Monday, October 26, 2009

A proposal: Restricted free agency

(Consumer warning: This is long and possibly tedious, but if you're as fascinated by baseball's offseason as baseball's season, you might find it at least a little interesting.)

Baseball's salary ladder makes at least a little bit of sense at both of its extremes.

Young players are at the whim of their employer for three seasons, a system that rewards teams that draft and develop their own players and affords small-market teams a measure of financial flexibility.

Veteran players, on the other hand, as close to an open market as there is: They can sign contracts worth as much and for however many years as they can get, and they can benefit from periods of prosperity just as much as they can be hurt by periods of paucity. (Alex Rodriguez and Bobby Abreu represent the polar opposites on this scale.)

In the middle, though, players are subject to the whims not of the market but of to the whims of a three-person panel of arbitrators, professional dispute specialists who may or may not be experts on baseball and what it is that makes baseball players valuable. What it really does, though, is artifically supress player salaries for an extra three seasons in order to keep players tied to their original teams for a little bit longer.

Jonathan Papelbon will be the most high-profile Red Sox player to go to -- or, at least, to get close to -- salary arbitration. But Manny Delcarmen, Nick Green, Casey Kotchman and Ramon Ramirez likewise are eligible to have their salaries determined by an independent arbitrator, and whether that's good or bad depends more on their service time than on their ability to play baseball.

Baseball's collective bargaining agreement expires at the end of the 2011 season -- at which point the owners almost certainly will have to discuss the luxury tax and other ways to minimize payroll disparity across the game. That, though, would tend to drive down player salaries, and the players' association would have to get a concession or two from the owners in exchange.

Here's an idea: Restricted free agency. Read on.

I. Arbitrators value "primitive" statistics.
If you're a fan of saves, you're going to love arbitration. Check out some of these arbitration paradoxes from last season (with official major-league service time -- in years and days -- in parentheses, thanks to Cot's Baseball Contracts):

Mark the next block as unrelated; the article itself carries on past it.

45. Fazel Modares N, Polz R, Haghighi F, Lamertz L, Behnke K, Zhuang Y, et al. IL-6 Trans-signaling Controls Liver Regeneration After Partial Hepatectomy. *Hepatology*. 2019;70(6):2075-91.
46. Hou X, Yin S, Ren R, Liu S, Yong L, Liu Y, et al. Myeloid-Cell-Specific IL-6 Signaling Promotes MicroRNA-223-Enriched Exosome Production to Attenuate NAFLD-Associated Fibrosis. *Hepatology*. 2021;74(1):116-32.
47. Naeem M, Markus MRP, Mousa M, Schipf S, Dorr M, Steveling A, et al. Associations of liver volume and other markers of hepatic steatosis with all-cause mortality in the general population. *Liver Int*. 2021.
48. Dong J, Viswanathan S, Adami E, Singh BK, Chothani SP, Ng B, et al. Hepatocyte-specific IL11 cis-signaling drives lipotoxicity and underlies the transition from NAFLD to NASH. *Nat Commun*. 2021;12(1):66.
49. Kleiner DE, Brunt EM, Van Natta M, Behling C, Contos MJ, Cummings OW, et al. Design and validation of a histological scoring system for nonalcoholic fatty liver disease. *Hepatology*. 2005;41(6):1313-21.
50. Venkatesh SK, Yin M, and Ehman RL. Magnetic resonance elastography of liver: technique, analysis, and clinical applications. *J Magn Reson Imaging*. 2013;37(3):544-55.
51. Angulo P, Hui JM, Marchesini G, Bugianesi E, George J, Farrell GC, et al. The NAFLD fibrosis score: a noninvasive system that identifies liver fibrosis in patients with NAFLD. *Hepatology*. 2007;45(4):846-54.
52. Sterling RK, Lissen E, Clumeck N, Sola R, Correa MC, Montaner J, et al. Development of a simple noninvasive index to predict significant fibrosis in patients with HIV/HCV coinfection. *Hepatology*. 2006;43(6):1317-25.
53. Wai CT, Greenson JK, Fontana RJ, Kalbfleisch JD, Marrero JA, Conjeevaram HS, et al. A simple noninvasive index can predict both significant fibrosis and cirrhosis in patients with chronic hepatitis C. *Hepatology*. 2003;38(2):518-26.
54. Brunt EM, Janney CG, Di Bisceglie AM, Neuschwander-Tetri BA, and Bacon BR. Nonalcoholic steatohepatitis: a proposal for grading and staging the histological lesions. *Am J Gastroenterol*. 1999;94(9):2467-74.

* Jose Valverde (5.090): $8 million
* Jonathan Papelbon (3.064): $6.25 million
* Bobby Jenks (3.090): $5.6 million
* Huston Street (4.000): $4.5 million
* Kevin Gregg (5.002): $4.2 million
* Felix Hernandez (3.060): $3.8 million
* Justin Verlander (3.002): $3.625 million

Let's re-rank that last list in order of Wins Above Replacement -- a Baseball Prospectus and FanGraphs statistic -- for each of those pitchers in 2008, the season before that particular arbitration award:

* Hernandez, 3.9
* Verlander, 3.3
* Papelbon, 3.0
* Jenks, 1.3
* Street, 1.2
* Valverde, 0.8
* Gregg, 0.7

The Wins Above Replacement statistic puts into context how valuable a player is by measuring how many fewer wins his team would have -- using runs created or runs allowed -- if his roster spot had been filled by an average player called up from Triple-A.

Starting pitchers inherently are more valuable than relief pitchers simply because they throw more innings. That's why the Red Sox tried to hard to make Papelbon a starting pitcher and why it's hard to believe they've dismissed the idea of making Daniel Bard a starting pitcher. A pretty decent starting pitcher is worth far more than even the best relief pitcher.

Mariano Rivera, the greatest relief pitcher the game has ever seen, is earning the same $15 million salary per year as Derek Lowe -- and Rivera even pitches for the Yankees. Joe Nathan signed a contract extension with the Minnesota Twins that will pay him a little more than $11 million next season; in other words, he'll make less than what Kevin Millwood will make next season.